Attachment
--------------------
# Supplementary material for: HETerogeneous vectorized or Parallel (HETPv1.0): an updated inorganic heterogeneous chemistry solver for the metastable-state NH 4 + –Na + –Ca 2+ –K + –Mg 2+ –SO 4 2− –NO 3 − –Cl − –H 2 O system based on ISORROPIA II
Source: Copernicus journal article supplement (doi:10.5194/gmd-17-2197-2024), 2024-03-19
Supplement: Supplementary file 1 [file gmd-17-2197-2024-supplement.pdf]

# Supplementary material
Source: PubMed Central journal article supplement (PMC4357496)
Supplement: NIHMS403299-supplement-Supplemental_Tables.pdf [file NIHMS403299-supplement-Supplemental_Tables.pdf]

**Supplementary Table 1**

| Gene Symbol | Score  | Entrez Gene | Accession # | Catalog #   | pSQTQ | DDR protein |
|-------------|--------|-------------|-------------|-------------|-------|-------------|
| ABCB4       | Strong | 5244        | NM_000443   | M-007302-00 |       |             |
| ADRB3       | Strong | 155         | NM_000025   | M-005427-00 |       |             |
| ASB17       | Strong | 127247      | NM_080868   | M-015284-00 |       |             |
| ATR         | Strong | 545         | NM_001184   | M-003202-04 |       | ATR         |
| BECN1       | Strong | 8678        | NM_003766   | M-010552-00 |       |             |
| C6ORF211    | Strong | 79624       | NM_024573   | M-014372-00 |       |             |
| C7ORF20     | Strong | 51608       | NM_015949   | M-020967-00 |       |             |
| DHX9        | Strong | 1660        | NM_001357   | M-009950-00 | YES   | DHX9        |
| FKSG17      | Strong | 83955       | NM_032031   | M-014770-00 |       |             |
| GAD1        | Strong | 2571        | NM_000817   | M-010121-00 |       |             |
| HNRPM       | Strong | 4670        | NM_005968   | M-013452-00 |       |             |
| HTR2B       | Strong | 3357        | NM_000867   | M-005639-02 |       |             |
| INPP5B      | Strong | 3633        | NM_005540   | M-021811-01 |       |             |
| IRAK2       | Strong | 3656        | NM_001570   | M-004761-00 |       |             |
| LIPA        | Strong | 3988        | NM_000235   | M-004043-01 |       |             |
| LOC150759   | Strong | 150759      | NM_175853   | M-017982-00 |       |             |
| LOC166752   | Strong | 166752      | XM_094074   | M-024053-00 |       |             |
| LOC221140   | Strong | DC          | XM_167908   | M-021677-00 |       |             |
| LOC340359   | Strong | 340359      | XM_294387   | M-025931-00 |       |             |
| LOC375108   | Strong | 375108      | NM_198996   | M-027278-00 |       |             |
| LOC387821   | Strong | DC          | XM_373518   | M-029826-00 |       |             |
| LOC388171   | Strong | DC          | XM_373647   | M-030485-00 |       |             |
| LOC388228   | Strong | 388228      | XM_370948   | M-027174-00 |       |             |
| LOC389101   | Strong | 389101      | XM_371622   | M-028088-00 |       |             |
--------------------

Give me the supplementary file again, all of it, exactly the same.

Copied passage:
# Supplementary material for: HETerogeneous vectorized or Parallel (HETPv1.0): an updated inorganic heterogeneous chemistry solver for the metastable-state NH 4 + –Na + –Ca 2+ –K + –Mg 2+ –SO 4 2− –NO 3 − –Cl − –H 2 O system based on ISORROPIA II
Source: Copernicus journal article supplement (doi:10.5194/gmd-17-2197-2024), 2024-03-19
Supplement: Supplementary file 1 [file gmd-17-2197-2024-supplement.pdf]

# Supplementary material
Source: PubMed Central journal article supplement (PMC4357496)
Supplement: NIHMS403299-supplement-Supplemental_Tables.pdf [file NIHMS403299-supplement-Supplemental_Tables.pdf]

**Supplementary Table 1**

| Gene Symbol | Score  | Entrez Gene | Accession # | Catalog #   | pSQTQ | DDR protein |
|-------------|--------|-------------|-------------|-------------|-------|-------------|
| ABCB4       | Strong | 5244        | NM_000443   | M-007302-00 |       |             |
| ADRB3       | Strong | 155         | NM_000025   | M-005427-00 |       |             |
| ASB17       | Strong | 127247      | NM_080868   | M-015284-00 |       |             |
| ATR         | Strong | 545         | NM_001184   | M-003202-04 |       | ATR         |
| BECN1       | Strong | 8678        | NM_003766   | M-010552-00 |       |             |
| C6ORF211    | Strong | 79624       | NM_024573   | M-014372-00 |       |             |
| C7ORF20     | Strong | 51608       | NM_015949   | M-020967-00 |       |             |
| DHX9        | Strong | 1660        | NM_001357   | M-009950-00 | YES   | DHX9        |
| FKSG17      | Strong | 83955       | NM_032031   | M-014770-00 |       |             |
| GAD1        | Strong | 2571        | NM_000817   | M-010121-00 |       |             |
| HNRPM       | Strong | 4670        | NM_005968   | M-013452-00 |       |             |
| HTR2B       | Strong | 3357        | NM_000867   | M-005639-02 |       |             |
| INPP5B      | Strong | 3633        | NM_005540   | M-021811-01 |       |             |
| IRAK2       | Strong | 3656        | NM_001570   | M-004761-00 |       |             |
| LIPA        | Strong | 3988        | NM_000235   | M-004043-01 |       |             |
| LOC150759   | Strong | 150759      | NM_175853   | M-017982-00 |       |             |
| LOC166752   | Strong | 166752      | XM_094074   | M-024053-00 |       |             |
| LOC221140   | Strong | DC          | XM_167908   | M-021677-00 |       |             |
| LOC340359   | Strong | 340359      | XM_294387   | M-025931-00 |       |             |
| LOC375108   | Strong | 375108      | NM_198996   | M-027278-00 |       |             |
| LOC387821   | Strong | DC          | XM_373518   | M-029826-00 |       |             |
| LOC388171   | Strong | DC          | XM_373647   | M-030485-00 |       |             |
| LOC388228   | Strong | 388228      | XM_370948   | M-027174-00 |       |             |
| LOC389101   | Strong | 389101      | XM_371622   | M-028088-00 |       |             |